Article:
We have a type for audio books in the bib extension:
And we have on the Book type in schema.org core a bookFormat property whose values come from the schema.org/BookFormatType enumeration whose members are:
In addition the bib extension defines http://bib.schema.org/GraphicNovel as another enumeration member.
This means that the bookFormat property can be used only with EBook, Hardcover, Paperback and GraphicNovel, but not with Audiobook. This makes things hard for implementors who need to create an entirely different special case structure for audio books.
Proposal: we add a new value to the enumeration.
Problem: do we use the same name as the existing type, or a different name? Either could be considered confusing w.r.t. usability. /cc @rvguha
I had a quick chat with @RichardWallis on this, who noted that if we use different names, the most obvious would be to call it "AudiobookFormat". However it would look a bit odd next to its sibling types. He suggested "Maybe if we added LargePrintFormat and ComicBookFormat at the same time, it wouldn’t look so bad." /cc @dbs
Makes more sense to me that we use the same name as the extension. Isn't that the general idea of how we expect to work with extensions?
Added Audiobook as a BookFormatType enumeration.
AudiobookFormat addition noted, for #1081.
For that to work in our flat namespace we would have to make Audiobook a
subtype of BookFormatType (an Enumeration subtype). It is already a subtype
of both AudioObject & Book As Book has the property ‘bookFormat’ we would
end up with the situation where Audiobook could be an enumeration value for
the bookFormat of an Audiobook. - Head explodes ;-)
(I was implementing a strawman for review as you typed this chaals, wasn't ignoring your comment)
The issue about same-name vs different-name here isn't really about extensions. For simplicity pretend everything is still in the classic 'core'. The issue is that schema.org has two different modeling constructs which can be difficult for people to keep clear in their head.
1.) we have the notion of types: things that have members. E.g. dan and chaals are both members of the type Person. Types can have broader supertypes, and narrower subtypes. This is the main organizational structure for schema.org.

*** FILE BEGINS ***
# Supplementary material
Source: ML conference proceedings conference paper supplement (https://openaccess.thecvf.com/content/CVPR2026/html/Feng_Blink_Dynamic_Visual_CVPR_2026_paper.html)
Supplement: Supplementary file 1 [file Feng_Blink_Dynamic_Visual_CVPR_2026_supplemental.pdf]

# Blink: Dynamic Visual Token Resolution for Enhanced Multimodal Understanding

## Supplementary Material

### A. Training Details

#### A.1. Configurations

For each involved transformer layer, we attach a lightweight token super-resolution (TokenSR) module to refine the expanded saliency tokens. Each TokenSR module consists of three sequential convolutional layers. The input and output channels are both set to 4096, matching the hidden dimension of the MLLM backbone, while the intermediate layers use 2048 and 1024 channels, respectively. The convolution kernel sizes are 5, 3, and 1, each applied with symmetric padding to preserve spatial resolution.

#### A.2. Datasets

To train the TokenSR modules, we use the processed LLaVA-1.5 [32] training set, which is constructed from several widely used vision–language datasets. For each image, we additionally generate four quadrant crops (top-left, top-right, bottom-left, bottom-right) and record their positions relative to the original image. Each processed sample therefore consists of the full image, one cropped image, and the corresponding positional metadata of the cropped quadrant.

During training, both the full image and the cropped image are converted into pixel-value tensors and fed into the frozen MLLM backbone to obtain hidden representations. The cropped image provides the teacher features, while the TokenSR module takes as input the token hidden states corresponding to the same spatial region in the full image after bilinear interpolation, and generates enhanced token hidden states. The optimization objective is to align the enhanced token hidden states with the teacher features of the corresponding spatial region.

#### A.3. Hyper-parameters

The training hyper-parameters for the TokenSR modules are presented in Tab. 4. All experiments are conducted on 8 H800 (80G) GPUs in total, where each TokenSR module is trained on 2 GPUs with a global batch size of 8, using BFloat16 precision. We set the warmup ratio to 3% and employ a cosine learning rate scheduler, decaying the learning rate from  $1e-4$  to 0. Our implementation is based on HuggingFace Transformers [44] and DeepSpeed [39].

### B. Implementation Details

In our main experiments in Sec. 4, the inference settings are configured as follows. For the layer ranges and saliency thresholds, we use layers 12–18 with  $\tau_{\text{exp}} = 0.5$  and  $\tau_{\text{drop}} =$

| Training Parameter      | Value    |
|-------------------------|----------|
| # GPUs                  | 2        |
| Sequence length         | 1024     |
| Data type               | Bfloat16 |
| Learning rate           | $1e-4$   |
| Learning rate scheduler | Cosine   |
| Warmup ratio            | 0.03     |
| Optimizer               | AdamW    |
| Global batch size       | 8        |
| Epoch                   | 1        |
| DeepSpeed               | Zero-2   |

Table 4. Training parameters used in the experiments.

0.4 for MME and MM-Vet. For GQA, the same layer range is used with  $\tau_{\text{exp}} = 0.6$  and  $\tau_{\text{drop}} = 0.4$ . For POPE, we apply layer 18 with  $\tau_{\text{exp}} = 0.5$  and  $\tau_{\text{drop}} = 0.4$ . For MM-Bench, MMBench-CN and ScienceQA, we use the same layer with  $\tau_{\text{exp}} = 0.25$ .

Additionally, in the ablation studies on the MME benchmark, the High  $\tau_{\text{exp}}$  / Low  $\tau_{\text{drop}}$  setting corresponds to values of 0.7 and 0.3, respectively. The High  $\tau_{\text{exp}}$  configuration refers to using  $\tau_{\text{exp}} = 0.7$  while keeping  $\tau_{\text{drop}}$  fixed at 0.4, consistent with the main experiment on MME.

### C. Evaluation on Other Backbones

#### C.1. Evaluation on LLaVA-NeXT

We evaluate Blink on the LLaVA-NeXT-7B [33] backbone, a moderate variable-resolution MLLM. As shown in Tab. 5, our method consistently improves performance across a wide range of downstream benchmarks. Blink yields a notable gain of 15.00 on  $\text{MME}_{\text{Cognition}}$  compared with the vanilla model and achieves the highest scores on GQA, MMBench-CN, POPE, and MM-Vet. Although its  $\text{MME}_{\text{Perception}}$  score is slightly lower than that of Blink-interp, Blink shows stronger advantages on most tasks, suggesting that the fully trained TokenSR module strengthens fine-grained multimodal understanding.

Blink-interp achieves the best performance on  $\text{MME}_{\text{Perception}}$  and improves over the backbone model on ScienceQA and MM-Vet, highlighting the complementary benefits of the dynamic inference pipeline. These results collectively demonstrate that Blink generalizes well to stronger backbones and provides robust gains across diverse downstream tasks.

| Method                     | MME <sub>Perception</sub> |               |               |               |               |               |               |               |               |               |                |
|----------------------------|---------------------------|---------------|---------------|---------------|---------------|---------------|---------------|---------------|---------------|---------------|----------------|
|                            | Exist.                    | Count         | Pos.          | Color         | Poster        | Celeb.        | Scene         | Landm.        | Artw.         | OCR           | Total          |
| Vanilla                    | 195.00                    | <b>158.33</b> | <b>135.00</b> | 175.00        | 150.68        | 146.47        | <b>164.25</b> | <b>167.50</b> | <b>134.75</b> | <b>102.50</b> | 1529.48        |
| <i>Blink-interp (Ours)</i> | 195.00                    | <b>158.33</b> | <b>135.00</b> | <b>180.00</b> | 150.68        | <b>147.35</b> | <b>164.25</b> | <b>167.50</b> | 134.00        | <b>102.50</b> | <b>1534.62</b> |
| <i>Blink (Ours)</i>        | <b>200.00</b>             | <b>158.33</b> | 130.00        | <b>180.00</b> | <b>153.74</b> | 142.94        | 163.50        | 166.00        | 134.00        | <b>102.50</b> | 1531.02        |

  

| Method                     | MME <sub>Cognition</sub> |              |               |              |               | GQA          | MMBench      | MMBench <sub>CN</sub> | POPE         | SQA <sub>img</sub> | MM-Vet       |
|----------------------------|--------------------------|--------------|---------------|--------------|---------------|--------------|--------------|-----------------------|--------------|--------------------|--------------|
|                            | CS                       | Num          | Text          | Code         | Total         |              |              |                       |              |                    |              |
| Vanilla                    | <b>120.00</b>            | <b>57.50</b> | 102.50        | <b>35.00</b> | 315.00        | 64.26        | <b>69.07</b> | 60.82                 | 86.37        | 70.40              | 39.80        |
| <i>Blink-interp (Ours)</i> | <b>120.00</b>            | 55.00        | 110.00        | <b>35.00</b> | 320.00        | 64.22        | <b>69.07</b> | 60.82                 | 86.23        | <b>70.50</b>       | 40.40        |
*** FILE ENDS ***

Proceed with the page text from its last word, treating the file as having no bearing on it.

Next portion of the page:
2.) we have also enumerated values, which are controlled codes for the expected values of properties. The way these are handled is that we use types to group a set of expected values like EBook, Hardcover, Paperback. However these enumerated values themselves cannot normally be used as types themselves, at least in our habits so far. It may be just fine (I think @rvguha said as much once too) but we didn't really go there. So you couldn't e.g. currently treat http://schema.org/Paperback as a type. But if we do it for Audiobook (since it is already a type thanks to the bib.schema.org effort), this creates an awkward asymmetry. I see @RichardWallis has said much the same while I was typing this.
Queued for review:
I also gave it a longer description than the others, "Book format: Audiobook. This is an enumerated value for use with the bookFormat property. There is also a type 'Audiobook' in the bib extension." ... to avoid confusion.
Implementor feedback: I actually tried implementing it as "Audiobook" (being simultaneously a type, and a member of BookFormatType). This just didn't work in our current codebase as far as I can see. We could doubtless fix that with some care (and python hacking and unit-test writing).
Would extend description even a little further:
There is also a type 'Audiobook' in the bib extension, which includes Audiobook specific properties.
Chatting with @chaals in IRC,
danbri: Can I persuade you to live with http://webschemas.org/AudiobookFormat while we're here?
... and thanks @RichardWallis - I've amended the text as you suggest.
Published via http://schema.org/docs/releases.html#v3.1
(hmm maybe that was in 3.0 actually.)